UN experts urge Pakistan to protect underage minority girls

    UN human rights experts have urged the Pakistani government to make immediate efforts to curb the rise in abductions, forced marriages and conversions of underage girls and young women from religious minorities.

    “We urge the government to take immediate steps to prevent and thoroughly investigate these acts objectively in line with domestic legislation and international human rights commitments. Perpetrators must be held fully accountable,” the experts said in a statement issued in Geneva on Monday, according to a media report.

    The experts are Tomoya Obokata, special rapporteur on contemporary forms of slavery, including its causes and consequences; Mama Fatima Singhateh, special rapporteur on the sale and sexual exploitation of children, including child prostitution, child pornography, and other child sexual abuse material; Reem Alsalem, special rapporteur on violence against women and girls, its causes and consequences; Nazila Ghanea, special rapporteur on freedom of religion or belief; Fernand de Varennes, special rapporteur on minority issues; Siobhan Mullally, special rapporteur on trafficking in persons, especially women and children; Dorothy Estrada-Tanck (Chair), Ivana Radacic (Vice-Chair), Elizabeth Broderick; and Meskerem Geset Techane and Melissa Upreti, Working Group on discrimination against women and girls.

    READ MORE: Interfaith marriages, religious conversions and everything in between

    “We are deeply troubled to hear that girls as young as 13 are being kidnapped from their families, trafficked to locations far from their homes, made to marry men sometimes twice their age, and coerced to convert to Islam, all in violation of international human rights law,” the experts said.

    “We are very concerned that such marriages and conversions take place under threat of violence to these girls and women or their families,” they said.

    Noting Pakistan’s previous attem­pts to pass legislation that will prohibit forced conversions and protect religious minorities, the experts de­­plored the ongoing lack of access to justice for victims and their families. Reports suggest these so-called marriages and conversions take place with the involvement of religious authorities and the complicity of security forces and the justice system.

    These reports also indicate that the court system enables these offences by accepting, without critical examination, fraudulent evidence from perpetrators regarding victims’ adulthood, voluntary marriage, and conversion. Courts have on occasion misused interpretations of religious law to justify victims staying with their abusers.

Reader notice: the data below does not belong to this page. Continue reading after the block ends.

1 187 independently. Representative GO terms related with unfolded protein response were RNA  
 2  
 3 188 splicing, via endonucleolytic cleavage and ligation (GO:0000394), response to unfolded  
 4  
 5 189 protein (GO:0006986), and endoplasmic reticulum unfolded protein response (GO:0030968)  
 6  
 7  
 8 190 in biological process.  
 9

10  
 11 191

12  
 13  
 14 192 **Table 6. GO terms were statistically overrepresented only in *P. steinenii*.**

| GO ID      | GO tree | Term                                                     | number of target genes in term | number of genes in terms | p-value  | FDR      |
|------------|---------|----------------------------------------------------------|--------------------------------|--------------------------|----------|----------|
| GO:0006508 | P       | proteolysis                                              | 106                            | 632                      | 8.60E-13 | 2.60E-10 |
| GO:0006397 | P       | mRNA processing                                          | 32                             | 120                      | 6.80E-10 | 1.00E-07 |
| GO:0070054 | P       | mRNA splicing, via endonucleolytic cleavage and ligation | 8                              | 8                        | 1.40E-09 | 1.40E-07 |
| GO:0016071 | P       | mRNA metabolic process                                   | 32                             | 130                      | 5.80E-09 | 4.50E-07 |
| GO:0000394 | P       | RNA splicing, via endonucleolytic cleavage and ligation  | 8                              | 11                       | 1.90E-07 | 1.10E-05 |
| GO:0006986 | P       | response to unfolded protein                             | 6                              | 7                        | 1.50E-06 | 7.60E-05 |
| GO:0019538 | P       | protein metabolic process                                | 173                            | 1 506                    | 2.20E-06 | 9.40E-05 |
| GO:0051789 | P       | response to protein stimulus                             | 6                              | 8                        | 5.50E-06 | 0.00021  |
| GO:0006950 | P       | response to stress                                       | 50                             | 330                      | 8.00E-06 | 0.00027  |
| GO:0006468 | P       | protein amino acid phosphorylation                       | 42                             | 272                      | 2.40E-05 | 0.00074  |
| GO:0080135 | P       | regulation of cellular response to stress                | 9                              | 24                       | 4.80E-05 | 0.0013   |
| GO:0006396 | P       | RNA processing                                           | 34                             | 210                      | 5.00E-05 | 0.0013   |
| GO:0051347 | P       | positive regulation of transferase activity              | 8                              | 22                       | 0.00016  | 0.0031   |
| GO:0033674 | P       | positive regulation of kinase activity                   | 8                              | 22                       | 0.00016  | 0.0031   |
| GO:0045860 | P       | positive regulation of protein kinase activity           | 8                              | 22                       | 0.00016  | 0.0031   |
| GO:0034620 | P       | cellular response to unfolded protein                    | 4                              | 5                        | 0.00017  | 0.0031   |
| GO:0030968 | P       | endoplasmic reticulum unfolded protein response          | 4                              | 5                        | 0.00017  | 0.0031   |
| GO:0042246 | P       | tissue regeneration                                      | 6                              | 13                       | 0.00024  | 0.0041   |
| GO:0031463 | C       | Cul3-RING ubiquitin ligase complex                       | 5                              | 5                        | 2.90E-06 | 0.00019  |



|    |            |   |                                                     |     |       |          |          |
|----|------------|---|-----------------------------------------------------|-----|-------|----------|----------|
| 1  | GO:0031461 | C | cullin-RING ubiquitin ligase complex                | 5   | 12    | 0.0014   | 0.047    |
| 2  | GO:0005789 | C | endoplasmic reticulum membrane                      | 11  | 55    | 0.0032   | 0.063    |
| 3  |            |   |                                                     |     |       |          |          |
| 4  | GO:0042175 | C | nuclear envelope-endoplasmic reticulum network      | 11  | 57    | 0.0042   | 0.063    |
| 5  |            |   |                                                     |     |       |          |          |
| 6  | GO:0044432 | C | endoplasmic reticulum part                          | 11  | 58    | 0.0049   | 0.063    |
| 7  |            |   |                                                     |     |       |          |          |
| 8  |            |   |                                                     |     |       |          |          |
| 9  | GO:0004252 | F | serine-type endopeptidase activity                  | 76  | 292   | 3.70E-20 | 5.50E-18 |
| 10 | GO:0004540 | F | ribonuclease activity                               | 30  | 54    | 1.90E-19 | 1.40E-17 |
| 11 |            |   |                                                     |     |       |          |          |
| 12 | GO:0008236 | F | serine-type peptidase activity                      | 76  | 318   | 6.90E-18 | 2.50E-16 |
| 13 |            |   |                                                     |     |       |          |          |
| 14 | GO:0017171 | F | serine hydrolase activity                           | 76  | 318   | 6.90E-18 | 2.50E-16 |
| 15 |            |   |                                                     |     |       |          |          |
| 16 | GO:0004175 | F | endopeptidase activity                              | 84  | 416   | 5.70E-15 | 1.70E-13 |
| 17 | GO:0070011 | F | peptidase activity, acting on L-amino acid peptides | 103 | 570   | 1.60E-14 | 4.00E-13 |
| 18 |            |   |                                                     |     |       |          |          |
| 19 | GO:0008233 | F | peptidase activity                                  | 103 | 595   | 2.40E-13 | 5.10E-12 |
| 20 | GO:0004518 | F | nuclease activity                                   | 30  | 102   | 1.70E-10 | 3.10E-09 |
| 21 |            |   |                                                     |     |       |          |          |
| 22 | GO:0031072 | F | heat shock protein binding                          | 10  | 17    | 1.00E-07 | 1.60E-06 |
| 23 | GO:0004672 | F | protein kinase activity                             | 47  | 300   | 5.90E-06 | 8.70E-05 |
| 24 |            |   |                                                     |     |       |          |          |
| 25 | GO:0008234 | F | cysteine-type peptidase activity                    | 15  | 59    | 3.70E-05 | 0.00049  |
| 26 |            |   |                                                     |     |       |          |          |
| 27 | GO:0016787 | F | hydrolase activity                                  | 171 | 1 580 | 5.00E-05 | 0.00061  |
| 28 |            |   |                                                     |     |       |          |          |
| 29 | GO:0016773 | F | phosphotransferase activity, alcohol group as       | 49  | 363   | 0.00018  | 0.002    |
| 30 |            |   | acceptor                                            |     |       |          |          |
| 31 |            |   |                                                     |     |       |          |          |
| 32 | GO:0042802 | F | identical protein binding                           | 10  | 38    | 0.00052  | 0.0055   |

“Family members say that victims’ complaints are rarely taken seriously by the police, either refusing to register these reports or arguing that no crime has been committed by labeling these abductions as love marriages,” the experts said.

    READ MORE: Doubly disadvantaged: The plight of non-Muslim women in Pakistan

    “Abductors force their victims to sign documents which falsely attest to their being of legal age for marriage as well as marrying and converting of free will. These documents are cited by the police as evidence that no crime has occurred.”

    The experts said it was imperative that all victims, regardless of religious background, were afforded access to justice and equal protection under the law

    “Pakistani authorities must adopt and enforce legislation prohibiting forced conversions, forced and child marriages, kidnapping, and trafficking, and abide by their international human rights commitments to combat slavery and human trafficking and uphold the rights of women and children,” they said.


    Cases of abduction, subsequent forced conversion, and marriages of young minority girls are not uncommon in Pakistan.

    Such cases are mostly reported in Punjab and Sindh which house a large number of Christians and Hindus, respectively. Human rights bodies have often called on minority councilors to intervene in cases of forced conversions, especially the ones involving minor girls.

    Leaders of minority communities are also particularly concerned by the judiciary’s handling of cases of underage marriages involving minority girls.

    As per the data of the 2017 national census, the total population of religious minorities in Pakistan in 2017 was 3.54%, however in 1998, it was 3.72%, showing a 0.18% decrease with 0.5% decrease in the Christian population. Christians in Pakistan were 1.55% in 1981, increased to 1.58% in 1998, and drastically fell to 1.27% in 2017 with no concrete reason given.

    In 2020, 15 cases were highlighted in the media but in 2021 some 60 cases were reported in which around 70 percent of girls who were converted forcibly were under 18 years of age.

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